After you click “OK” your deployment will begin to download the lates files from GitHub and install them into your Web App container.

Now that Continuous Delivery is configured, pushing new code to your GitHub repository will trigger a rebuild and redeployment or your bot!

You can monitor bot deployments via the Deployment Options view in the Azure Portal.

Step 9 – Register your bot app on the Bot Framework Portal

Navigate to the Bot Framework Portal at and signin with your MSA account. Once you are signed in, click on “Register a bot” in the top menu.

On the next screen, in the “Bot profile” section, you can upload a custom icon to help users identify your bot. Underneath the icon, enter your bot’s name as it will appear in your channel, for example Skype. The bot name is the public name that your users will see. Next set the bot handle, this is the name you will use to reference your bot in your code. Finally, add a short description that gives your users a basic overview of your bot’s functionality or intended purpose.

Scroll down and set your bot’s messaging API endpoint. This will be the domain name you setup in Azure App Service plus the route /api/messages. In this example, our messaging endpoint is

After setting the messaging endpoint, click the button that says “Manage Microsoft App ID and password”. This will open a new browser tab on where you will see your App name and App ID. Just below the App ID, click the button “Generate New Password”.

A popup window will appear that contains your App password. Save the password and App ID to a secure location such as One Note for future reference. You will not see this information again, so it’s very important that you save this information as you will need to refer to it in later configuration steps.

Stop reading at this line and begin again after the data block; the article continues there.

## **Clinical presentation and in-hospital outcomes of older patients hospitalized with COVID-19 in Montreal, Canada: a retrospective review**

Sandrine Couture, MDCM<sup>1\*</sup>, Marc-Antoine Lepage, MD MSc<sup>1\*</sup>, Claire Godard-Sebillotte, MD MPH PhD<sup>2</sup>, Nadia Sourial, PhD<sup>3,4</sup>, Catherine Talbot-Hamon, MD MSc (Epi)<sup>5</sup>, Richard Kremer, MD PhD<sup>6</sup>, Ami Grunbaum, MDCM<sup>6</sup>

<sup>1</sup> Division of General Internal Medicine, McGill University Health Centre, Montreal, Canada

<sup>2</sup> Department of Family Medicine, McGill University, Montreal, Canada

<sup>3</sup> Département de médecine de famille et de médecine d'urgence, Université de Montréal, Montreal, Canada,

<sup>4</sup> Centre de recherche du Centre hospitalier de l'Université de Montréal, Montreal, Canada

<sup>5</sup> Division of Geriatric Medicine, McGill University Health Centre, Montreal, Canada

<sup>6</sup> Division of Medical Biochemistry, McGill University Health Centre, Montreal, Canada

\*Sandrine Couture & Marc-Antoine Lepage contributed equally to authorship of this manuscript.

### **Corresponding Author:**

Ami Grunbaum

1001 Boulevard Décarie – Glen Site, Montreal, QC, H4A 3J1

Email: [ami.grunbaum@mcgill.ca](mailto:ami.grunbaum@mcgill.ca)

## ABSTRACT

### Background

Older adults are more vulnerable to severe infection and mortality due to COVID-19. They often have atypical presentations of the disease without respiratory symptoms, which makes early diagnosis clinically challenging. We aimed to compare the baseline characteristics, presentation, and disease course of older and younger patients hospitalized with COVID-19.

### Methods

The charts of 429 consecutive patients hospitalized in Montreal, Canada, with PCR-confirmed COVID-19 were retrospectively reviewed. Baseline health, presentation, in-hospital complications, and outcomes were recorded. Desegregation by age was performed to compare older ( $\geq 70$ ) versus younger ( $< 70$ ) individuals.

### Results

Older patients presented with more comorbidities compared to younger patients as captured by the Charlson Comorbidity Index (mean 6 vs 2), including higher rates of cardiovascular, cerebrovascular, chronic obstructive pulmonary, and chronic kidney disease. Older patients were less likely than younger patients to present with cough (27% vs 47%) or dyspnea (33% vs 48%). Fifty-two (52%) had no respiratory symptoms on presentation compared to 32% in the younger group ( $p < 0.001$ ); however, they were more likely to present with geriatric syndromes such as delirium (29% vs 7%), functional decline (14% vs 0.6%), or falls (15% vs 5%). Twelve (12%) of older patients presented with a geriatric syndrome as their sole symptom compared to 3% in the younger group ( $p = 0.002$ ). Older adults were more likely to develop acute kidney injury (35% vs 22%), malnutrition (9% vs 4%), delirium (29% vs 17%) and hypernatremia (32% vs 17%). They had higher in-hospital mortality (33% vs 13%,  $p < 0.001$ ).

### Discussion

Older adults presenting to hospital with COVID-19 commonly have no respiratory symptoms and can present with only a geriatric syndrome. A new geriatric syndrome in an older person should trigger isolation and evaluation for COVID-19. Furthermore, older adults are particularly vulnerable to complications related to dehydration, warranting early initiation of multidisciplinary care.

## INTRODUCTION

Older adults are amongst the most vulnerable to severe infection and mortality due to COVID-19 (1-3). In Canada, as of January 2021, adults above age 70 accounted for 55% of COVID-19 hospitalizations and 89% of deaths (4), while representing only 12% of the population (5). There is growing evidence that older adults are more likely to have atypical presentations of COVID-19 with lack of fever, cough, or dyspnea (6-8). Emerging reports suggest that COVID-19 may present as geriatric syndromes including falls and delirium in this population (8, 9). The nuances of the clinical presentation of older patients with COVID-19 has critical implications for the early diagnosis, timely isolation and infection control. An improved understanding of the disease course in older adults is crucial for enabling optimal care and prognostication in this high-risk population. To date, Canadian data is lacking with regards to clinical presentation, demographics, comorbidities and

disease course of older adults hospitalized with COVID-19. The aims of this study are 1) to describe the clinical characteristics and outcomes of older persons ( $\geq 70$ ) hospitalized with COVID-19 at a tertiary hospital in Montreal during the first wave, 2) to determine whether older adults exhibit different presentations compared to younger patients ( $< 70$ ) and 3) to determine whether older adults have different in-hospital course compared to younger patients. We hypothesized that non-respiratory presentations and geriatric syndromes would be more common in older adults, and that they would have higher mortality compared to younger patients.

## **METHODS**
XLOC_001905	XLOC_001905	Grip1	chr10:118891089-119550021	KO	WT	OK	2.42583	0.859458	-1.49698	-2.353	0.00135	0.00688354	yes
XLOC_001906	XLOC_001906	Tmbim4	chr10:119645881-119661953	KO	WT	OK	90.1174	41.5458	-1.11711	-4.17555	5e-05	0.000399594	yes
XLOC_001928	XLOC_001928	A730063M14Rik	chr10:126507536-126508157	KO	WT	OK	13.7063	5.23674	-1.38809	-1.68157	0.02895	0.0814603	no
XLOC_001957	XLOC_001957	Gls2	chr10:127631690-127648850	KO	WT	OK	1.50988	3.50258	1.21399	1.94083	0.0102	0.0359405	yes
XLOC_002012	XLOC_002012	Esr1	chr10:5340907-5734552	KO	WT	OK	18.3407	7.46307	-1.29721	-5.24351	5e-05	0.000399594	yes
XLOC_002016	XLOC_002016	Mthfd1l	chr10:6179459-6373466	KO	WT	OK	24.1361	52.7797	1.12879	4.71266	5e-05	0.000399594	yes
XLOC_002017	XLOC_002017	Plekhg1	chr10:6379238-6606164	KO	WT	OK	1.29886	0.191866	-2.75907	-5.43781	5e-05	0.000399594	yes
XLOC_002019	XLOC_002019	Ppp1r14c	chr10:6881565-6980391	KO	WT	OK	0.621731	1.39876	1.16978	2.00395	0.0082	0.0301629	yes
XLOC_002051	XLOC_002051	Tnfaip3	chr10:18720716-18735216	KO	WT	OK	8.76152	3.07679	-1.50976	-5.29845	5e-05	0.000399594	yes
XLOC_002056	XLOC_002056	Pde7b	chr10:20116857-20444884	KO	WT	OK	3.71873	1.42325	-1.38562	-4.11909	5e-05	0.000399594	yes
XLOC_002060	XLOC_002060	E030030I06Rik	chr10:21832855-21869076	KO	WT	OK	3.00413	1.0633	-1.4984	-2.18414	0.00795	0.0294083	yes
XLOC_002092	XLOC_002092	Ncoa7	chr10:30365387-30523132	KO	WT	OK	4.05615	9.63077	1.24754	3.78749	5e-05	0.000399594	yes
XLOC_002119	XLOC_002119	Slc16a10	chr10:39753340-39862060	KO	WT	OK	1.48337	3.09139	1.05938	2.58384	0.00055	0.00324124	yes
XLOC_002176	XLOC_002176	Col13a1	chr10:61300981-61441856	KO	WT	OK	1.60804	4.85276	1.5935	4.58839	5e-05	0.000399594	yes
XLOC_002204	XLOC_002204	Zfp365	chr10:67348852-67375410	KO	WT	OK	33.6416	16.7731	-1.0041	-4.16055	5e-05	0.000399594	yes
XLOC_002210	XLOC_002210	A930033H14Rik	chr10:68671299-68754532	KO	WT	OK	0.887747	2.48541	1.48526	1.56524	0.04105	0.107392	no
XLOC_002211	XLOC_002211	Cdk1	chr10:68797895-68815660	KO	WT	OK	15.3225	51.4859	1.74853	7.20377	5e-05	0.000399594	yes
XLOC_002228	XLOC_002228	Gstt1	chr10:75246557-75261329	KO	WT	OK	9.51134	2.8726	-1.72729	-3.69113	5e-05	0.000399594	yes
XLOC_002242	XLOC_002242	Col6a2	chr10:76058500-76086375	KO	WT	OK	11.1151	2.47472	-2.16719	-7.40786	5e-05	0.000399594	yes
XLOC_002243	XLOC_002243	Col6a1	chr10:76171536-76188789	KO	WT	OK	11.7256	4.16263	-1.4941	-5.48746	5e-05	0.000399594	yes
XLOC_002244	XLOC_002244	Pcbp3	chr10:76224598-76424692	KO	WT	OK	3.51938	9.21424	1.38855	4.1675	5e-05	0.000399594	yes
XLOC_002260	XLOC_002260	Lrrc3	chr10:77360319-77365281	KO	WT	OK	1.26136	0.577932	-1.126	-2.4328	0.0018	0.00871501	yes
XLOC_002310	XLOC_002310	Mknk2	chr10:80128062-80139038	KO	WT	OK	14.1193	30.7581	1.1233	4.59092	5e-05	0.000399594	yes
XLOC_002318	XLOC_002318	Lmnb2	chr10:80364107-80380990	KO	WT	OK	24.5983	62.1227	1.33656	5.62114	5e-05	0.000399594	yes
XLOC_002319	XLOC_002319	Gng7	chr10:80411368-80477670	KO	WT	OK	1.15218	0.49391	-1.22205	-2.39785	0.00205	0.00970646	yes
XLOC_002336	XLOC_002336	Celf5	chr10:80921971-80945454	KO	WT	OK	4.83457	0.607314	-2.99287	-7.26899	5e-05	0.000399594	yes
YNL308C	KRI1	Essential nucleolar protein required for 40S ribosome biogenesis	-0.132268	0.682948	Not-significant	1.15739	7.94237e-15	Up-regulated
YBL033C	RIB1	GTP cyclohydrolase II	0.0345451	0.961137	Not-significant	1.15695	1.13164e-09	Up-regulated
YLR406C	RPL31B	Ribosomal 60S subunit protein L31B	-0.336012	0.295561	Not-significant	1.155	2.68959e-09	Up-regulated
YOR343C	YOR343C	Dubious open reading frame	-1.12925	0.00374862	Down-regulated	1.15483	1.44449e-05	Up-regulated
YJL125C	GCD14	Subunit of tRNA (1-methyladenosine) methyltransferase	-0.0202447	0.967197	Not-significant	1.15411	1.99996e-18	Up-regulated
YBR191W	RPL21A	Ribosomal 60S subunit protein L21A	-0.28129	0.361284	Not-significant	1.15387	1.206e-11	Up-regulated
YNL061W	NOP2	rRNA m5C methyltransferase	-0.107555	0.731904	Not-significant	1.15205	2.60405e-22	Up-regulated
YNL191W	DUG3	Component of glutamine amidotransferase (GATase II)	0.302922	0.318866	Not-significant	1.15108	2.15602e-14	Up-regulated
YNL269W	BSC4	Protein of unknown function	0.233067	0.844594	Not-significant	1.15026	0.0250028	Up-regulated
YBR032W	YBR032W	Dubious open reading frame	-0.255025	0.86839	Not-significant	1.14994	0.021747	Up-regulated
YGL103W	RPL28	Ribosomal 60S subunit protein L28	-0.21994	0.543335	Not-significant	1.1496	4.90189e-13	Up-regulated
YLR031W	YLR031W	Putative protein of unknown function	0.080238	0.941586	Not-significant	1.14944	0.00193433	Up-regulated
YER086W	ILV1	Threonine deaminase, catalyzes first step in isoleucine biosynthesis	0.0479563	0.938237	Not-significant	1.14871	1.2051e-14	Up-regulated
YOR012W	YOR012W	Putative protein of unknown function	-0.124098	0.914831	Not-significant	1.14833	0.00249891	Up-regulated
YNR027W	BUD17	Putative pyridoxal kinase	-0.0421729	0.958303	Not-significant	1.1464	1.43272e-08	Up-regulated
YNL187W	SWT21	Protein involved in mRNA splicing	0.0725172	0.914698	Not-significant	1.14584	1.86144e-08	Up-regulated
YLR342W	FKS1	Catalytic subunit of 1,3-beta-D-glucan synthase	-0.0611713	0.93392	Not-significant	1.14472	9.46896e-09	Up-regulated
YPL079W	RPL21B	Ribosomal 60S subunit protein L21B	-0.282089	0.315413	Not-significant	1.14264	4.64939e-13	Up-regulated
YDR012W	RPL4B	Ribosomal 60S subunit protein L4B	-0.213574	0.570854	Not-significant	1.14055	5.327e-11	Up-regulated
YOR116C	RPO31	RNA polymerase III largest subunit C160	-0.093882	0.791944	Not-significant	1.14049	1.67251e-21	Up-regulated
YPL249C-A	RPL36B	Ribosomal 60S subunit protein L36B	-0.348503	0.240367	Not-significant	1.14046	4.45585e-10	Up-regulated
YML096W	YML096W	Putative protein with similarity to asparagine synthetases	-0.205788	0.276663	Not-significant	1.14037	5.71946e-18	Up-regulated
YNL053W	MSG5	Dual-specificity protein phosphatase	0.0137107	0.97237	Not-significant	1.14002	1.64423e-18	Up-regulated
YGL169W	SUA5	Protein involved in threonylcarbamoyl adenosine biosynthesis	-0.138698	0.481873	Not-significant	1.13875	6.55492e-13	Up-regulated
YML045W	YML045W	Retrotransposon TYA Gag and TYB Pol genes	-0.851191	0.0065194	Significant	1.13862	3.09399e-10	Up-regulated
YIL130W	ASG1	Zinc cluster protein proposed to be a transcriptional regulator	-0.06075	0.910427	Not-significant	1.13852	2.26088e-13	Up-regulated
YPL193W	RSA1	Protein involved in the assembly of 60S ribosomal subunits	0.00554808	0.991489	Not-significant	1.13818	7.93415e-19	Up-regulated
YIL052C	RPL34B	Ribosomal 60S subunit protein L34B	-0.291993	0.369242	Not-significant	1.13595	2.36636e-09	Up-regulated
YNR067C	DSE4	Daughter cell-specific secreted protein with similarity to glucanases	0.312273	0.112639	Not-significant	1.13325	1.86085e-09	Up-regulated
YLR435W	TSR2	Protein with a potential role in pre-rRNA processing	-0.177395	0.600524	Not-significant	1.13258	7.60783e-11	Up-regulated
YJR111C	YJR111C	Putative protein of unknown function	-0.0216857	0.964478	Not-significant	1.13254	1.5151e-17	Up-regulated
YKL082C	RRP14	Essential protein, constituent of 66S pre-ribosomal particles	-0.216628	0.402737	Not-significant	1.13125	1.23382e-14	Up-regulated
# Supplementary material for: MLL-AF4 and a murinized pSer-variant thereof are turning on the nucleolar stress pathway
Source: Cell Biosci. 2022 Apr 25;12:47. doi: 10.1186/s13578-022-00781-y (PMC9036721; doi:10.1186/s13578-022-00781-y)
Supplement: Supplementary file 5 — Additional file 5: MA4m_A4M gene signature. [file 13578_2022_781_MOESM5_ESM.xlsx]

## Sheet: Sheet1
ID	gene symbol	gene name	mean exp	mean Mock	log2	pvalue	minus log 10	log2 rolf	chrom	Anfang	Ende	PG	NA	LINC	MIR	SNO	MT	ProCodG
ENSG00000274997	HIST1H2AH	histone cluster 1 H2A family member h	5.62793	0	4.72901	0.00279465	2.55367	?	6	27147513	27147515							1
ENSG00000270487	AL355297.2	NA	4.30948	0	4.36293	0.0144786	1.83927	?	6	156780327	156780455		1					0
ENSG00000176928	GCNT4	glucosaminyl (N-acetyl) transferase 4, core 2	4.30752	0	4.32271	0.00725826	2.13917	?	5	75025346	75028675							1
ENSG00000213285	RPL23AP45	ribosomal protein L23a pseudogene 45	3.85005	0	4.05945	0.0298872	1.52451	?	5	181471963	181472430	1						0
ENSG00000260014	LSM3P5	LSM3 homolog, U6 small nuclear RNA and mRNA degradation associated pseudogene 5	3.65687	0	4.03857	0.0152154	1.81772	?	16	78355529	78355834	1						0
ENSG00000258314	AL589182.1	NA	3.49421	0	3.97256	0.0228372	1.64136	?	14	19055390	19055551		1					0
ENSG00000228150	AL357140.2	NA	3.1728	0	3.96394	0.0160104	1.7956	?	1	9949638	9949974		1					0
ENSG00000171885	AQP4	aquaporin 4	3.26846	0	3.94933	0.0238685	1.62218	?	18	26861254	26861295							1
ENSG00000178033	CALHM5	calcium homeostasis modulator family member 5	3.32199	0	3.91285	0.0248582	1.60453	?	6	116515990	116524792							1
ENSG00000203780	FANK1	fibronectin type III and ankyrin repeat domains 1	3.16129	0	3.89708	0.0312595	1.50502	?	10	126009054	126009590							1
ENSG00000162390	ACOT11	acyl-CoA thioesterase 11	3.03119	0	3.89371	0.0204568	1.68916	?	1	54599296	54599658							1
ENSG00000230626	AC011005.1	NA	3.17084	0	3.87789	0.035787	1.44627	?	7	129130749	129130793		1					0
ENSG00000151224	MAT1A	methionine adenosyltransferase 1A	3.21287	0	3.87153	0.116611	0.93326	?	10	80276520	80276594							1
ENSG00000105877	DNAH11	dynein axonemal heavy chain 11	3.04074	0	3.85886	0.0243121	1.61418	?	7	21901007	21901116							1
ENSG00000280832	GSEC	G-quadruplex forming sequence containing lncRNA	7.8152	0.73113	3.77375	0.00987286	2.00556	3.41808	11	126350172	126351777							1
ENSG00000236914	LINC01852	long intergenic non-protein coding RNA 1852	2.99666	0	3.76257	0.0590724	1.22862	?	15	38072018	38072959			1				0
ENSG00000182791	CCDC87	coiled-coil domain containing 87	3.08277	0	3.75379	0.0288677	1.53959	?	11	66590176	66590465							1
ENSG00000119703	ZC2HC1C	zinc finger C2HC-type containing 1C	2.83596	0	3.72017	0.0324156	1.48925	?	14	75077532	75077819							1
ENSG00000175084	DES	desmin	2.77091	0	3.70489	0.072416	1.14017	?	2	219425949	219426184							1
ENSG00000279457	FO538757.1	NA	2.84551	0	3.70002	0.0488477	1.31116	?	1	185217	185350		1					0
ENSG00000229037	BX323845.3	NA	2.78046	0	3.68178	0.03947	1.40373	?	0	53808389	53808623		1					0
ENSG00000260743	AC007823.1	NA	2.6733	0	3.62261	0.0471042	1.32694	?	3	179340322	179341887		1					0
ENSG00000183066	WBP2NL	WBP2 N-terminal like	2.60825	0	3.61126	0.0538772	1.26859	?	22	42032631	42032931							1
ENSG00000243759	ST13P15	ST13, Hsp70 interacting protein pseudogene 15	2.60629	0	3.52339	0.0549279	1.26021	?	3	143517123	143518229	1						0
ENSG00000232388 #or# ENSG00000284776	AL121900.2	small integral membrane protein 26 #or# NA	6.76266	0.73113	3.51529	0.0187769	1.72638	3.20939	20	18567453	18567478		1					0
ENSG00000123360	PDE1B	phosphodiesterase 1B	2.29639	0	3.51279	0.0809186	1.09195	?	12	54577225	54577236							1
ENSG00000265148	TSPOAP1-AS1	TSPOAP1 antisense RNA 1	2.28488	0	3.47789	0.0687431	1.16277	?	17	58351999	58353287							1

You will see that the Bot Portal has populated your App ID in the Configuration section. Verify the “Admin” configuration section has your correct email address under “Owners”, click the “agree to terms” checkbox, and click “Register” to complete the new bot registration process.

A popup window will alert you that the bot was created successfully. Click “OK” and you will now see the bot properties page.

Step 10 – Add your App ID and password to the Azure App Service configuration settings

Now that you have registered your bot on the Bot Portal, we will use the App ID and password you saved earlier to configure our Azure App settings. Navigate back to, open your app overview page and select “Application settings” from the left menu. Under “App settings”, add a new key-value pair for your MICROSOFT_APP_ID and one for the MICROSOFT_APP_PASSWORD. Paste in the keys you saved from the registration step, and click the “Save” button at the top.

Now that we have configured the App ID and password, we need to restart our bot app for the changes to take effect. Click on “Overview” in the left menu and click “Restart” at the top. After the app restarts it is time to verify our bot is connected via the Bot Portal.

Step 11 – Test the connection to your bot app in the Bot Framework Portal

In the Bot Portal configuration page for your new bot you will see a section called “Test connection to your bot”. Click the “Test” button. If everything is working correctly you will see the text “Accepted” appear just under the “Test” button. In the WebChat window to the right, type a message to your bot. The bot will respond with “Greetings! I am a demo bot.”, followed by a choice menu which will display some example message types. Congratulations! Your new bot deployment is now online and working correctly.

Next Steps

Now that you have setup your bot’s project repository, and successfully configured Continuous Deployment via Azure App Service, checking in new code to GitHub will automatically trigger a redeployment of your bot. You can now proceed to channel configuration and further iterate on your bot’s core functionality.

Happy Making!

Nils Whitmont from the Bot Framework Team